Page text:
Patients displayed a noticeable decrease in resting connectivity within the dorsal salience network when compared to healthy controls. Past studies have linked this network's connectivity to attention-related tasks [16]. Reduced connectivity in the dorsal salience network could be directly linked to the salience aberrance hypothesis in schizophrenia suggesting that patients have difficulty in processing salient external stimuli and modulating attention between internal and external cues. Moreover, this salience network oversees the balance between default mode and task-positive networks [20]. Reduced connectivity in the dorsal salience network in patients might also be linked to the observed imbalance in these networks that has been reported in patients with schizophrenia [21-26].

In contrast to the reduced connectivity in the dorsal salience network we observed that the ventral salience network showed increased connectivity in patients. This network's connectivity has been associated with arousal levels, pointing to its role in determining the emotional importance of events [16]. The increased connectivity suggests that patients might perceive events as more emotionally significant. This also aligns with the aberrance salience hypothesis in schizophrenia in the sense that patients attribute increased salience to normal emotional reactions leading to the generation of symptoms such as delusions.

In summary, changes in connectivity in both the dorsal and ventral salience networks might be related to different symptoms in schizophrenia as predicted by the aberrant salience hypothesis. The decreased connectivity in the dorsal network results in attention and executive function deficits, potentially leading to hallucinations. Meanwhile, increased connectivity in the ventral network might cause disordered emotional processing and the formation of delusions.

It is important to acknowledge that while our findings provide valuable insights, they are derived from a relatively small sample size, which may constrain the generalizability of our results. The small sample size could potentially obscure nuances in the data and limit the extent to which our findings can be extrapolated to broader populations. Therefore, future investigations with larger samples are warranted to corroborate and broaden the scope of our findings.

CONCLUSION

This study has made significant contributions to understanding the differential effects within the salience network's subsystems in individuals with schizophrenia. Our results demonstrate distinct patterns of connectivity: reduced functional connectivity within the dorsal salience network and increased connectivity within the ventral salience network in schizophrenia patients compared to healthy controls. These findings align with and expand upon the aberrant salience hypothesis of schizophrenia, suggesting specific neural mechanisms behind the disorder's complex symptomatology. Reduced connectivity in the dorsal network could underlie difficulties in attention and executive function, potentially contributing to psychotic symptoms such as hallucinations. Conversely, the heightened connectivity in the ventral network may exacerbate emotional processing, leading to symptoms like delusions.

Our study underscores the importance of considering the salience network's role in schizophrenia, particularly how its dysregulation can impact the processing of sensory and emotional stimuli. Given the small sample size and exploratory nature of our study, further research with larger cohorts is essential to validate these findings. Future studies should also investigate the relationship between altered salience network connectivity and specific schizophrenia symptoms, potentially offering new targets for therapeutic interventions. Additionally, examining task-related brain activity in conjunction with resting-state connectivity could provide deeper insights into the functional implications of these neural alterations.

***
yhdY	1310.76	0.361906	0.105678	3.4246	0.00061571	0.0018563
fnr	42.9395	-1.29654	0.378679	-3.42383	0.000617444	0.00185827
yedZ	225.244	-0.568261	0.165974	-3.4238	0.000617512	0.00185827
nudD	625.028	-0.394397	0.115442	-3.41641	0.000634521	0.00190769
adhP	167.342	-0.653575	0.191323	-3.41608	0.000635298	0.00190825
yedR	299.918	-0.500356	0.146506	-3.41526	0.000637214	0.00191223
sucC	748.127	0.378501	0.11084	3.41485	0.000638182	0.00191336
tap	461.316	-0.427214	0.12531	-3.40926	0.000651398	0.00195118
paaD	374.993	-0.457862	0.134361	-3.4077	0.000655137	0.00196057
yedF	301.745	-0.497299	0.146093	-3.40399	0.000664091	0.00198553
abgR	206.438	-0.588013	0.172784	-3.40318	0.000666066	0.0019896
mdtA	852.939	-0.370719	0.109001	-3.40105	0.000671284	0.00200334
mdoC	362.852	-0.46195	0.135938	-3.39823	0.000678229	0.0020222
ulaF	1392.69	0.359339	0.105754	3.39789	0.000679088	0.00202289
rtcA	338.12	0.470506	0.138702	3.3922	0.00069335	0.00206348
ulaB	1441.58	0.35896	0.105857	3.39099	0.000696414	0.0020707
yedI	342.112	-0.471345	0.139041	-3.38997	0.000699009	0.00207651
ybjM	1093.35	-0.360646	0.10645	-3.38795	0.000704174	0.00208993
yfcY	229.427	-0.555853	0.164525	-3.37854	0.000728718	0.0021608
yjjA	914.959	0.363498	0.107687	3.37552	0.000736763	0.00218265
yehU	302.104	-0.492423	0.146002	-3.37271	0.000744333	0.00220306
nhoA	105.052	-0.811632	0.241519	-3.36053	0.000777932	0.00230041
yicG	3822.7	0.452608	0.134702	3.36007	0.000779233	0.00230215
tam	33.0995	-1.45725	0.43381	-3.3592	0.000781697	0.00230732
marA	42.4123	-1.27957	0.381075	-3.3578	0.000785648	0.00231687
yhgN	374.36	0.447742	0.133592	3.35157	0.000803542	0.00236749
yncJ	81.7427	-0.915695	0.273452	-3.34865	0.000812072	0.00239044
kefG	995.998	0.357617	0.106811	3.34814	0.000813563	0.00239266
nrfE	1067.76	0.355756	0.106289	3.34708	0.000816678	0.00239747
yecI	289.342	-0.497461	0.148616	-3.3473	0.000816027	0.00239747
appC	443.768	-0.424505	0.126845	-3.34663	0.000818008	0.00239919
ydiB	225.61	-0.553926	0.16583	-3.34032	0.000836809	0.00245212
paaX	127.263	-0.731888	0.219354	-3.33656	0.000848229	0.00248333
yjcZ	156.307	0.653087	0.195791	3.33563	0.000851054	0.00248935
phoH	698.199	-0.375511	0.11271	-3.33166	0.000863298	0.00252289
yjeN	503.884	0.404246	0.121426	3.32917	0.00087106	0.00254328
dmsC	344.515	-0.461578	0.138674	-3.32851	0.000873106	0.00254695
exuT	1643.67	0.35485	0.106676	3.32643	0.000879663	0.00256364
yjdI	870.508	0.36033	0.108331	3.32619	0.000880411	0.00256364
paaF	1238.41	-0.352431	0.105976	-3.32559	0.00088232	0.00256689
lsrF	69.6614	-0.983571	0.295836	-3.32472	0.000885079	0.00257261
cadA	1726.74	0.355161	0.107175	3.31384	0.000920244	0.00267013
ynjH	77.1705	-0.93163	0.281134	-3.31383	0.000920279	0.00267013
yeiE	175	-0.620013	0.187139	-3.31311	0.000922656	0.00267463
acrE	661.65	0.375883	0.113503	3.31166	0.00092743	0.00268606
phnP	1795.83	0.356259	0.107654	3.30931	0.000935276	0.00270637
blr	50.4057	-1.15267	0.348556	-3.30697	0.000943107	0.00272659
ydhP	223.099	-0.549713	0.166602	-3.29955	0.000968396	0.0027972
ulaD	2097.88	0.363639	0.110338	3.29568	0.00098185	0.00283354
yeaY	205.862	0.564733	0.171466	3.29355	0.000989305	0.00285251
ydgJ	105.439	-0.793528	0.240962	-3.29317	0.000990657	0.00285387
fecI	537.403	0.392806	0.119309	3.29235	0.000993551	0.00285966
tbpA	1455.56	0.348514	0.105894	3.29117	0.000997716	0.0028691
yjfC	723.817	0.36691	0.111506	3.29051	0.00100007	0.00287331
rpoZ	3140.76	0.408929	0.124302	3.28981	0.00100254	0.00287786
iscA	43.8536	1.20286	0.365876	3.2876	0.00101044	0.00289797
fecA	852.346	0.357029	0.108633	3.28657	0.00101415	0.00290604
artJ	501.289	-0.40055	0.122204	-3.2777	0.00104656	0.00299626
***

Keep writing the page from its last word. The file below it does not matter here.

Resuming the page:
The exploration of the salience network in schizophrenia opens new avenues for understanding the neural underpinnings of the disorder and developing targeted treatments. By elucidating the distinct roles of the dorsal and ventral subsystems, our study contributes to a more nuanced view of schizophrenia's complex neurobiology.

LIST OF ABBREVIATIONS

fMRI = functional magnetic resonance imaging
dACC = dorsal anterior cingulate cortex
AI = Anterior insula
SMG = Supramarginal gyrus
DSM-IV = Diagnostic and Statistical Manual of Mental Disorders, Revised Fourth Edition

ETHICS APPROVAL AND CONSENT TO PARTICIPATE

The study protocol was approved by the ethics committee of Eginition University Hospital in Athens, Greece (ADA B11Ψ46Ψ8Ν2-ΨΦ9 Athens 29/5/2014/295).

HUMAN AND ANIMAL RIGHTS

No animals were used in this research. All procedures performed in studies involving human participants were in accordance with the ethical standards of institutional and/or research committee and with the 1975 Declaration of Helsinki, as revised in 2013.

CONSENT FOR PUBLICATION

All participants signed a written informed consent

STANDARDS OF REPORTING

STROBE guidelines were followed.

AVAILABILITY OF DATA AND MATERIALS

The data supporting the findings of the article is available in the Aiginiteio University Hospital Database and available upon request https://eginitio-en.uoa.gr reference number: B11?46?8?2-??9 Athens 29/5/2014/29.

FUNDING

None.

CONFLICT OF INTEREST

The authors declare no conflict of interest, financial or otherwise.

ACKNOWLEDGEMENTS

Declared none.